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Understanding Hannah

 | June 3, 2017

Her short book, which recounts a personal journey, had a limited readership until someone complained about it.

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hannah-yeoh

For those who have yet to get hold of Hannah Yeoh’s book, Becoming Hannah is only 111 pages long with an additional 14 pages of photographs. There are ten chapters, a foreword and an epilogue.

It’s a short autobiography recounting her journey from her graduation as a lawyer to her elevation as Speaker of the Selangor State Assembly. Nothing more and nothing less.

She recalls her youth, her work experience, her residence in Subang and, like others of her age, her admiration of former prime minister Mahathir Mohamad’s achievements in the 1990s in the form of the Petronas Twin Towers, Suria KLCC and the Sepang Circuit. She says that as a teenager she had only Subang Parade and Carrefour to roam in, and places like Suria seemed exotic.

The book details her anxieties, her hopes, her trust in her circle, her family, her faith and the electorate she serves. Naturally, as a devout Christian, there are references to her service to Christ, but nothing that would cause anyone to drop his faith in preference for Hannah’s.

One would imagine that if former PAS spiritual leader Nik Aziz Mat had written an autobiography, he would have probably included references to the milestones in his life, including the development of his faith in Islam, which led him to becoming a politician. A non-Muslim reading his book would take note of these influences, but would unlikely to convert to Islam.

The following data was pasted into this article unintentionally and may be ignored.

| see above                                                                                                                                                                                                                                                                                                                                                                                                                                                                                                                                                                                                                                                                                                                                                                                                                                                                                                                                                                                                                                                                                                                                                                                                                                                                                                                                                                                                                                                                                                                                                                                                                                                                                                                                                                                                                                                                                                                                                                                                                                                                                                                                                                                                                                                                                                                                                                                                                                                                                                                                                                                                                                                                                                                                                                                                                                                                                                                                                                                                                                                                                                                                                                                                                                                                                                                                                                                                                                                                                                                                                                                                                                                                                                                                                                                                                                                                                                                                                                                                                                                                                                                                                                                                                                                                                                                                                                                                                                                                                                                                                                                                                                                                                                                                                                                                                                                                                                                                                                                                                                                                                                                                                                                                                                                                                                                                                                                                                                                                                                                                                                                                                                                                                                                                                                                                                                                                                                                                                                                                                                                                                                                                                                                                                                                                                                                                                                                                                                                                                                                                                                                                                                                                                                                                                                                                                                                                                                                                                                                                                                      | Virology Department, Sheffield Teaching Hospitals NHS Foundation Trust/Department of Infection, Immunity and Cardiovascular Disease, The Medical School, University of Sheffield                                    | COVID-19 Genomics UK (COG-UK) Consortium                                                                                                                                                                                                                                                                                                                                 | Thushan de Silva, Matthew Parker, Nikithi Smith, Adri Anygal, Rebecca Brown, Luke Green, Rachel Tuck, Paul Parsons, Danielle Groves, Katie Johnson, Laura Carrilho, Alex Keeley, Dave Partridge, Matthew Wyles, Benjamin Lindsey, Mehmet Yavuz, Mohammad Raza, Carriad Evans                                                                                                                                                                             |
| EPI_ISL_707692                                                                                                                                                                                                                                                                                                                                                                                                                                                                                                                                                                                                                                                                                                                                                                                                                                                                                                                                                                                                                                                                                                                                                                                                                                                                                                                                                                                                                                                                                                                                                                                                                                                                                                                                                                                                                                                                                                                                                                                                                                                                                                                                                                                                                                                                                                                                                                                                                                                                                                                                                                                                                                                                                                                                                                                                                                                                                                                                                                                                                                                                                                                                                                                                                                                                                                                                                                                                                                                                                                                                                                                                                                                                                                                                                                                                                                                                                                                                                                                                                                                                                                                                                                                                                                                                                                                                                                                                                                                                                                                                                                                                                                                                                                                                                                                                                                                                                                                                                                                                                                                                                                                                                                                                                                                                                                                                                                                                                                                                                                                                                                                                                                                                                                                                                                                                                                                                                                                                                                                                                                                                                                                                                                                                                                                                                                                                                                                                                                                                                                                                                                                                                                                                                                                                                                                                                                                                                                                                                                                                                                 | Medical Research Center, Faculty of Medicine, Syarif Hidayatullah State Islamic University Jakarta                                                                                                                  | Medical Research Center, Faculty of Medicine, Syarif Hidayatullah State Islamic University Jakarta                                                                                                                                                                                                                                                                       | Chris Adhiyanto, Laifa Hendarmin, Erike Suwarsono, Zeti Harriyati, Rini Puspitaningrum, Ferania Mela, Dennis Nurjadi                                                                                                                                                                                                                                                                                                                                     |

In Chapter One, called “Apolitical”, Hannah says, “I had never been political … never been interested. I didn’t know the difference between an MP and a member of the state legislative assembly.”

She adds, “I complained a lot about the cost of living and the quality of life in the over-developed Klang Valley, but did not connect these issues with politics.”

It was a friend, Edward, who told her that politics needed more good people if positive change were to happen.

Describing the defining moment when she was asked if she would put her name down for the Subang Jaya state constituency in the 12th general election, she recalls, “I was being asked to walk the talk. As one who had spent too much time complaining about the way things were in Malaysia, I was now being offered the chance to do something about it.”

Hannah took the plunge, put her money where her mouth was, and for two weeks worked tirelessly with the help of friends, family and the community to do her best to win. She won, with a majority of 13,851 votes.

Hannah has served her constituency for nearly ten years now. Like all politicians, she has received her fair share of criticism. The critics include some fellow DAP members and real estate developers, who claim that she is “anti-development”.

She says politicians are policymakers who are supposed to propel the nation forwards, but the rakyat appear to use them to help solve their daily problems with the town councils.

The book, which was published in 2014, had a limited readership until a virtually unknown lecturer gave it publicity by complaining about it. Another political stunt has backfired.

Hannah is known to be a successful politician, wife and mother of two daughters, the youngest person to become Speaker of the Selangor State Assembly and the first woman speaker in Malaysia. She came in as an unknown and created a storm with her electoral victory in 2008 and the thumping majority of 28,069 in 2013.

Her abilities as a woman and a young politician were probably what attracted politically minded lecturers to fix their sights upon her. Instead of discussing her entry into politics, they attacked her spirituality. The real reason Hannah is targeted is not her faith, but her success, which is envied by others. Hannah’s faith is a red herring.

Mariam Mokhtar is an FMT columnist.

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